Talking to an intelligent lawyer the other day she lamented the almost complete disappearance of what she called ‘real conversation’. I know what she means. To me it seems that The currency of Conversation has given way to the currency of “me-ism” – a pathological attention to our own navels and interests, with little thought for that of our neighbour. I must add that I know many people who help the poor and disadvantaged. It is wonderful to see what that help does to make life better for an invalid or an old age pensioner. Nevertheless, we are a selfish society.

We are still a society that compartmentalises our lives into work, ’doing-good-time’ and play. However much you score in the ‘doing-good-time’ it will never compensate for poor standards of neighbourliness in the work and play times. If you want to do good, do it now, to whoever is near to you. I recently listened to a profound lecture on the results of a poll that revealed that Singaporeans want a more gracious society. When it was over, I noticed that highly-educated Singaporeans attending rushed for the door, pushed and shoved, even when there were old or disabled people. Graciousness begins by doing gracious things now, not in the future.

Part of graciousness is communication with our neighbour, within our family and with those we don’t know at all but who step into our lives in one way or another. Being able to talk easily about the affairs of the world, events in our own part of it, or about any of the many issues that face mankind is a skill we all need to have. Social exchange of this sort lubricates relationships and enables us to learn about the way others think and live. It may be gossip but a good gossip, without malice, is guaranteed to provide some updates and is therefore a learning.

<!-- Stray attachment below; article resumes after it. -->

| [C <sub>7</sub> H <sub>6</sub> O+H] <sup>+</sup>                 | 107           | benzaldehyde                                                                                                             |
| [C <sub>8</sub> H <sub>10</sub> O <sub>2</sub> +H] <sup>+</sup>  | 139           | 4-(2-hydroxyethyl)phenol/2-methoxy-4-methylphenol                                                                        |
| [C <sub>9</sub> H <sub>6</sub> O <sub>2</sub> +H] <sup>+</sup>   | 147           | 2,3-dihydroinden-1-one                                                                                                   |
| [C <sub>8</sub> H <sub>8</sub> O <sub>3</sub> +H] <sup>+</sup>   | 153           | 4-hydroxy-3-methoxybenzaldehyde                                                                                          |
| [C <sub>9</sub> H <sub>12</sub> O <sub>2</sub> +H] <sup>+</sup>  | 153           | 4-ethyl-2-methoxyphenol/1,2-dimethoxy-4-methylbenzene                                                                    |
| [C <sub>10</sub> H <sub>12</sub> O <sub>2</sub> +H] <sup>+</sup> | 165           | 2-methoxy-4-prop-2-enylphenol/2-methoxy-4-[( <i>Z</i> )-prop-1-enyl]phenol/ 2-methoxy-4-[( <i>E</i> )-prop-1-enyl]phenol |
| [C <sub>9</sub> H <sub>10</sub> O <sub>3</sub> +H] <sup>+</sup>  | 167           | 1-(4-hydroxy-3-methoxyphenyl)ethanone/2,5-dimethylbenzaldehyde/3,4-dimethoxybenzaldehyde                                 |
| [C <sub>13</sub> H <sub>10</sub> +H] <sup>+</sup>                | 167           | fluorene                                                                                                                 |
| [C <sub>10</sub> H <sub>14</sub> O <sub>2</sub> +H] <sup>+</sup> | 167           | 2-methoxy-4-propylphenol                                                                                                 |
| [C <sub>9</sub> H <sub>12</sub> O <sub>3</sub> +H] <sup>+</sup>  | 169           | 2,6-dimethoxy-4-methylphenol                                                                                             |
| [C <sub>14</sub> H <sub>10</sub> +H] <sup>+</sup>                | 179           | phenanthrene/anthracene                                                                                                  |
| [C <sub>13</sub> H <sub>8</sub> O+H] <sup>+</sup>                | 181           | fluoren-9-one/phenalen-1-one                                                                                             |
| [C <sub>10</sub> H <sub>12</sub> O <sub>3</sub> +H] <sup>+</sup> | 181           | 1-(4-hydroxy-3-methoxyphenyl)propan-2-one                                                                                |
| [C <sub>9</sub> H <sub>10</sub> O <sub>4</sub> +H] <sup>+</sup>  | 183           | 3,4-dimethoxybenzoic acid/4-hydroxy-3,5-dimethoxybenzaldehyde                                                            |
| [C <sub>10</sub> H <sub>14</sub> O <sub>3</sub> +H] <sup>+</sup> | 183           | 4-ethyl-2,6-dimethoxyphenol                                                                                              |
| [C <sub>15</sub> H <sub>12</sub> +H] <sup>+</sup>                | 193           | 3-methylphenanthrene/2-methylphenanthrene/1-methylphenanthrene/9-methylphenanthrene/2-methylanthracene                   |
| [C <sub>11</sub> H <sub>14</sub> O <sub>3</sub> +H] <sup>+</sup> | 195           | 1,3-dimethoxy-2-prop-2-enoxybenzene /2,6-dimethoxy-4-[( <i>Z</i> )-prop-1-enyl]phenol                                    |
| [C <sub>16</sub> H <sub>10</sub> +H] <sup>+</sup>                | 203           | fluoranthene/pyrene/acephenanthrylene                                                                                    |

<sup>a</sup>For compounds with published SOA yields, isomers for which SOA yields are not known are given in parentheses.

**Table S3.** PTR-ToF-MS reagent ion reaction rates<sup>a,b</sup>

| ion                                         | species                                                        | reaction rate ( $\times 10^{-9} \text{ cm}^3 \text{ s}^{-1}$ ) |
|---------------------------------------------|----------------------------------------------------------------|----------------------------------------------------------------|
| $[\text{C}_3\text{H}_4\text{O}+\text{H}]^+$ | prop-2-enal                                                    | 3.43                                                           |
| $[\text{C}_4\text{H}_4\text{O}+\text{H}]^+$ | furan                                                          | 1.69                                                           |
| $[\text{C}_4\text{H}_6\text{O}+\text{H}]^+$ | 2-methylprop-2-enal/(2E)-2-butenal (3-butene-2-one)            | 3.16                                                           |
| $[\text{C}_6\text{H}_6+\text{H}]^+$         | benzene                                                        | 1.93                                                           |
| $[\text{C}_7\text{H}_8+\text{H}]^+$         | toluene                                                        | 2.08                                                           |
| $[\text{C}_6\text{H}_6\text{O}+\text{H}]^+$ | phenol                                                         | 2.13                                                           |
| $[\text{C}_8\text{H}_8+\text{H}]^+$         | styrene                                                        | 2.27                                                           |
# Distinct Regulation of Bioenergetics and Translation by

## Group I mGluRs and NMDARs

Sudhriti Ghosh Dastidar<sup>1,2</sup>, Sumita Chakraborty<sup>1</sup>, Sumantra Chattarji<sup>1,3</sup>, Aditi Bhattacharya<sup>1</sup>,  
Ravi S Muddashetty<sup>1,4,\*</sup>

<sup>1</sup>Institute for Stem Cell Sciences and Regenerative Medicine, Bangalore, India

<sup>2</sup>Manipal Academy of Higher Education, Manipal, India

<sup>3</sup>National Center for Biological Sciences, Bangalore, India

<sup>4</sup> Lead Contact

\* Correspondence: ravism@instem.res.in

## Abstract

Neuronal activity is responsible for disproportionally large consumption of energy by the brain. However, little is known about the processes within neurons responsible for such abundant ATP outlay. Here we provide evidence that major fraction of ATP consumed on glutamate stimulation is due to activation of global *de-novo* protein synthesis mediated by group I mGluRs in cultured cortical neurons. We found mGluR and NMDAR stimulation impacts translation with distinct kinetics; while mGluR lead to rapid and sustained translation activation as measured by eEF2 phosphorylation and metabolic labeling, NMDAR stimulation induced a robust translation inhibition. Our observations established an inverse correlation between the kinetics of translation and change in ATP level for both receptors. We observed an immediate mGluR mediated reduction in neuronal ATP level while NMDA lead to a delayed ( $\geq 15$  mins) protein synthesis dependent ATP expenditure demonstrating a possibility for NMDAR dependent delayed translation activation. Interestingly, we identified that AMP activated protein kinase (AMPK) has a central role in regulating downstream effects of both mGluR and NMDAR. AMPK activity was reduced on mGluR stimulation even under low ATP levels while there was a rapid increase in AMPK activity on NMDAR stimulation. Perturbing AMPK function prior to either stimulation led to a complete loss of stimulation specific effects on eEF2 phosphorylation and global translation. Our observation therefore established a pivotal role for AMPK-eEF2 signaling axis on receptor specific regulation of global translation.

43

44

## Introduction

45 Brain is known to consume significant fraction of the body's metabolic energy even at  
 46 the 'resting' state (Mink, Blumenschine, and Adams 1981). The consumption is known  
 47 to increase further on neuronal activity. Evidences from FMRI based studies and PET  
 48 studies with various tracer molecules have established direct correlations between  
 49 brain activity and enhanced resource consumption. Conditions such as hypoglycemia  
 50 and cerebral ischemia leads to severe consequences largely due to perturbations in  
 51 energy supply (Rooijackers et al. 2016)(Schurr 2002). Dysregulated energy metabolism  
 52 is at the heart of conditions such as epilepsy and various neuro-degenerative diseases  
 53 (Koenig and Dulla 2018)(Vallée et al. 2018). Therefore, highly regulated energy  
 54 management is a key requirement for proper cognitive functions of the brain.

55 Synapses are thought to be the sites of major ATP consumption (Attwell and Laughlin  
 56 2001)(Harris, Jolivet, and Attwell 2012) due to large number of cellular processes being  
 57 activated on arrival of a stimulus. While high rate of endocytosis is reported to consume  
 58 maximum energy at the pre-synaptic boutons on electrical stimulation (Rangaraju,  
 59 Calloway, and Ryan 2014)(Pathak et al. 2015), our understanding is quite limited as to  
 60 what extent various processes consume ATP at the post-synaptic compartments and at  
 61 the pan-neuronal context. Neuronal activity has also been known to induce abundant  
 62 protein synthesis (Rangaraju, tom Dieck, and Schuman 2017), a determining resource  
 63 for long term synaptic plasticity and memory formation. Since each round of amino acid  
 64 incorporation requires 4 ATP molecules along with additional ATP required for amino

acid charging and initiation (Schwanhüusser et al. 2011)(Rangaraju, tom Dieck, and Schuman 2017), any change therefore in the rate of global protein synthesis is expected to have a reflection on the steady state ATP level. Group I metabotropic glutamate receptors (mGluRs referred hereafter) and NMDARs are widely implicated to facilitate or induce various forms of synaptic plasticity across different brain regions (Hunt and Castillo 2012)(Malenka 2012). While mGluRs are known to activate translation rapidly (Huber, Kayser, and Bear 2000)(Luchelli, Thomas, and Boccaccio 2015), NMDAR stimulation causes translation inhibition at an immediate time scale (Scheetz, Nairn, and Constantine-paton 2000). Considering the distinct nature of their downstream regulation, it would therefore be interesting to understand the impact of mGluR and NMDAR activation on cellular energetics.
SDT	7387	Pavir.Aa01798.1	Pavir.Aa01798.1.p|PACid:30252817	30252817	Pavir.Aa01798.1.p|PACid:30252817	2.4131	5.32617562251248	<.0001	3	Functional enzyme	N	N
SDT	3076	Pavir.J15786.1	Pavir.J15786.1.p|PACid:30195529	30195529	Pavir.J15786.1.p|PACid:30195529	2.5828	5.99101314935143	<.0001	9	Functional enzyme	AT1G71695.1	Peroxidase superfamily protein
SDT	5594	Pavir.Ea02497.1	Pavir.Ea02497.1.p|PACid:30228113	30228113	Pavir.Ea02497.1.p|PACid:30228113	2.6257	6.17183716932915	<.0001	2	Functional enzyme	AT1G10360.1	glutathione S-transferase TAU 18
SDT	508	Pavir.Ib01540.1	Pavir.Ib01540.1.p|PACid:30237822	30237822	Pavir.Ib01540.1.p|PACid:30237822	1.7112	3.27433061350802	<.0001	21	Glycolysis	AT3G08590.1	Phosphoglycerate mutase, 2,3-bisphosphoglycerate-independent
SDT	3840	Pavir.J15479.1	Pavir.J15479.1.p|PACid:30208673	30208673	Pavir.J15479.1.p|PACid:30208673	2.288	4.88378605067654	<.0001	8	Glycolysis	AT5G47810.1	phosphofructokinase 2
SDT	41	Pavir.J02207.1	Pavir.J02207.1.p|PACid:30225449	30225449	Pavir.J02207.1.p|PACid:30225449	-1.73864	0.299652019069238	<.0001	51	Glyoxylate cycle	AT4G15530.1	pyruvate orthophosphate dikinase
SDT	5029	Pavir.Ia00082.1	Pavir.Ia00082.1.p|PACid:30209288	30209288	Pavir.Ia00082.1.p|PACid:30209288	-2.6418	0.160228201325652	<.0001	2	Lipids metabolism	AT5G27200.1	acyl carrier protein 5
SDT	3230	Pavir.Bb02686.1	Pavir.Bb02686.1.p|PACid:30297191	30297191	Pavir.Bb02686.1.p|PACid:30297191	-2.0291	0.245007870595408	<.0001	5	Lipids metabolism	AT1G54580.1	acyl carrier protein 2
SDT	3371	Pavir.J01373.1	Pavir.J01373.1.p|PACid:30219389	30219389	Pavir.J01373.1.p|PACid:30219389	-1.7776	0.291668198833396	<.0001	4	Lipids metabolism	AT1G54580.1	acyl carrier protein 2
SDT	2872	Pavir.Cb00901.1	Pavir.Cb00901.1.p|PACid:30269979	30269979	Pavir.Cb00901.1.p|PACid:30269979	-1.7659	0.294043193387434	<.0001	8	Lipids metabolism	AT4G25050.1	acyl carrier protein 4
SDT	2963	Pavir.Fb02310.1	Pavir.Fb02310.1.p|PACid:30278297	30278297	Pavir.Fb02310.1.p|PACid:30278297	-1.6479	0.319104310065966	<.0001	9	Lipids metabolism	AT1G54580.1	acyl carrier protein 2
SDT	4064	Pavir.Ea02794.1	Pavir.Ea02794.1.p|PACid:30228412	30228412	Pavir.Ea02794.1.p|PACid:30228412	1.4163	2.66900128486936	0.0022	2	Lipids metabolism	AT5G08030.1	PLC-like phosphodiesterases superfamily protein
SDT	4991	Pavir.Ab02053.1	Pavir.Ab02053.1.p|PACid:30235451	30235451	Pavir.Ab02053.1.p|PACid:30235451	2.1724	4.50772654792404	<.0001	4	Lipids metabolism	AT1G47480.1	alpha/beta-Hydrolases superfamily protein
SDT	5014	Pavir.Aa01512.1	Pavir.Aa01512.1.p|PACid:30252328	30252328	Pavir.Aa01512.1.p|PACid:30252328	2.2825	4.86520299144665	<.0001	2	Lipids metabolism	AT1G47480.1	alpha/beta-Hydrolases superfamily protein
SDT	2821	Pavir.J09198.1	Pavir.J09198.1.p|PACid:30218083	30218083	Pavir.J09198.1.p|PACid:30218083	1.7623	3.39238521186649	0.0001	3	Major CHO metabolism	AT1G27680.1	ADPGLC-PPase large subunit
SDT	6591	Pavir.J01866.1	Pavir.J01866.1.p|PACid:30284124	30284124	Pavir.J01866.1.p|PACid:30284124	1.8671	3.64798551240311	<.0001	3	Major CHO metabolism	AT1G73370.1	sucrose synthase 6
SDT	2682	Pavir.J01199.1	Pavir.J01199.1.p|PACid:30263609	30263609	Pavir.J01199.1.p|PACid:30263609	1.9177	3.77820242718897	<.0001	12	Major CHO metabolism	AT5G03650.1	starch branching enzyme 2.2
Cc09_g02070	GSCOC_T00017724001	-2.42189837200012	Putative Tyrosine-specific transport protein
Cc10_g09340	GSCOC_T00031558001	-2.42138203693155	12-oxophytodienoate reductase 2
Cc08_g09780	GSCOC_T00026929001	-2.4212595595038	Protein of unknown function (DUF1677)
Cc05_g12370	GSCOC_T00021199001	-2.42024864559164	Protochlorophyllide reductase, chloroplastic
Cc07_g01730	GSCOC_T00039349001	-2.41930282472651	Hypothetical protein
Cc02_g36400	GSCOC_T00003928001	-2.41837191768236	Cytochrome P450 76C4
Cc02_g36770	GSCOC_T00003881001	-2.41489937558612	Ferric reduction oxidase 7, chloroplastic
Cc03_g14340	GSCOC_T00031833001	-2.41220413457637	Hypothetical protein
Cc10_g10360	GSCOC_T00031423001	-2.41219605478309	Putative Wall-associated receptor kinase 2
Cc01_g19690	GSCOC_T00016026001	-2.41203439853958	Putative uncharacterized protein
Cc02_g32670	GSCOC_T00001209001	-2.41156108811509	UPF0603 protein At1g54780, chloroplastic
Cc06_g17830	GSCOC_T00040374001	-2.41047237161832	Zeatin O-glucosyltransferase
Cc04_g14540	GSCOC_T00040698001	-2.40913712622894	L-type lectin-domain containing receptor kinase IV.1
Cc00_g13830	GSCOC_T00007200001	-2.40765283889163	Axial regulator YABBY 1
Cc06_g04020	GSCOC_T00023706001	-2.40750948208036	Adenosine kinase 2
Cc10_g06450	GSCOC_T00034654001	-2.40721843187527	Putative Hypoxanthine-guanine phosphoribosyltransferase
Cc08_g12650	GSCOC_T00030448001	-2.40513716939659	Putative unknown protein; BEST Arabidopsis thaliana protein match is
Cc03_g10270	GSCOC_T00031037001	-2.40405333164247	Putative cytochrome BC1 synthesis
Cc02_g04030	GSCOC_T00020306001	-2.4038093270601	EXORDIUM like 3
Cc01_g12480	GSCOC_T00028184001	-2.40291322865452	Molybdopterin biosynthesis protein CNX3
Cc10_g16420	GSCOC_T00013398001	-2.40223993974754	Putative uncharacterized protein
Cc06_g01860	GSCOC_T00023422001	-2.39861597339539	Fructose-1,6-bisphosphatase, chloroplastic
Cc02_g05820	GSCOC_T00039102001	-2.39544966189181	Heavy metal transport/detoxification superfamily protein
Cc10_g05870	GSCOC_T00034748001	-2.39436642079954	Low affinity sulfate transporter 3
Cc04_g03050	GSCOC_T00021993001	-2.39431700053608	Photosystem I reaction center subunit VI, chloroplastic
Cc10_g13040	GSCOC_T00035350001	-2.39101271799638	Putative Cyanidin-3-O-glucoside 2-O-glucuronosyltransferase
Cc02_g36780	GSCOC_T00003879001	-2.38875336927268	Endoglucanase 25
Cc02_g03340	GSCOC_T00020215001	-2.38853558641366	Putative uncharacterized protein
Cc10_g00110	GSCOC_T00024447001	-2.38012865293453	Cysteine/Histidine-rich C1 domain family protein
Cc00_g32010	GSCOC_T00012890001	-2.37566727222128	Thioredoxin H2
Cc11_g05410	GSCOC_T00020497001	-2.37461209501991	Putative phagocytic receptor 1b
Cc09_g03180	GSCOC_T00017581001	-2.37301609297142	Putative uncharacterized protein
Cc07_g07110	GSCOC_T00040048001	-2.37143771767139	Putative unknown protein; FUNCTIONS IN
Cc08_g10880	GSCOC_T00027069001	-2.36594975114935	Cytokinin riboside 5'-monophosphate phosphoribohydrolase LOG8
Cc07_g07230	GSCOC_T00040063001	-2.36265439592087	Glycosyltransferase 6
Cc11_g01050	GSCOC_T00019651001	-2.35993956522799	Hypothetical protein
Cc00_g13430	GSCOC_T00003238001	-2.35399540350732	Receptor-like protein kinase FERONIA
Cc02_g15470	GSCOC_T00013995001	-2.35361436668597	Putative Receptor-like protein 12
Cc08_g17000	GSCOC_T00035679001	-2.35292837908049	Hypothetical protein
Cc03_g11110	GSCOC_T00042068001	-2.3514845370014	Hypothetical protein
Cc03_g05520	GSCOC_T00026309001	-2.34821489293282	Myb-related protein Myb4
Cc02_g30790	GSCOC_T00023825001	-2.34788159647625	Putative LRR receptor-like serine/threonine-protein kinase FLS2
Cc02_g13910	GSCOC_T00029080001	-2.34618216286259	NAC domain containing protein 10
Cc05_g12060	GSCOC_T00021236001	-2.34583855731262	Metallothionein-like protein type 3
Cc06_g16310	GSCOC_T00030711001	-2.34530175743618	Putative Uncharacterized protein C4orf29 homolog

We are encouraged to be committed to lifelong learning. That does not mean revisiting school or university all the time. It means keeping up to date. Our best sources of information are those we meet. If they aren’t we are meeting the wrong people. One of the influences parents can have on their children but which they seldom use is instilling the need to make good friends. That doesn’t mean only influential people who can help with careers and contacts. It means what it says, ‘good’ people, those who can think sensibly, act decently and be a model for a fulfilled life.

A good measure of a friend is the answer to the question ‘can I sustain a lively and healthy conversation with this person and come out of it better educated?’ This is the main component Eliza and I have for judging the suitability of someone to come to a dinner party. In fact, if they qualify, they get a “DPM”* alongside their entry in the address spreadsheet. By this means we aim to keep the currency of conversation high and the challenge of thinking sharpened.

One of the companies I worked for in my early years had a chairman who insisted that lunches for clients should include an element of what he called “good talk”. Initially, I thought it wasteful of time that could be used to sell and confirm a client. I soon learnt to realise that those who joined in the good talkl not only enjoyed it but stayed with the company longer and brought others to it.

At the heart of good talk and graciousness is creativity. Wit and challenge demand imaginative thought if they are to sustain friendship and enjoyment of life.

Those who think a gracious society is one that is gracious towards them are wrong.

It is one towards which they are themselves always gracious.

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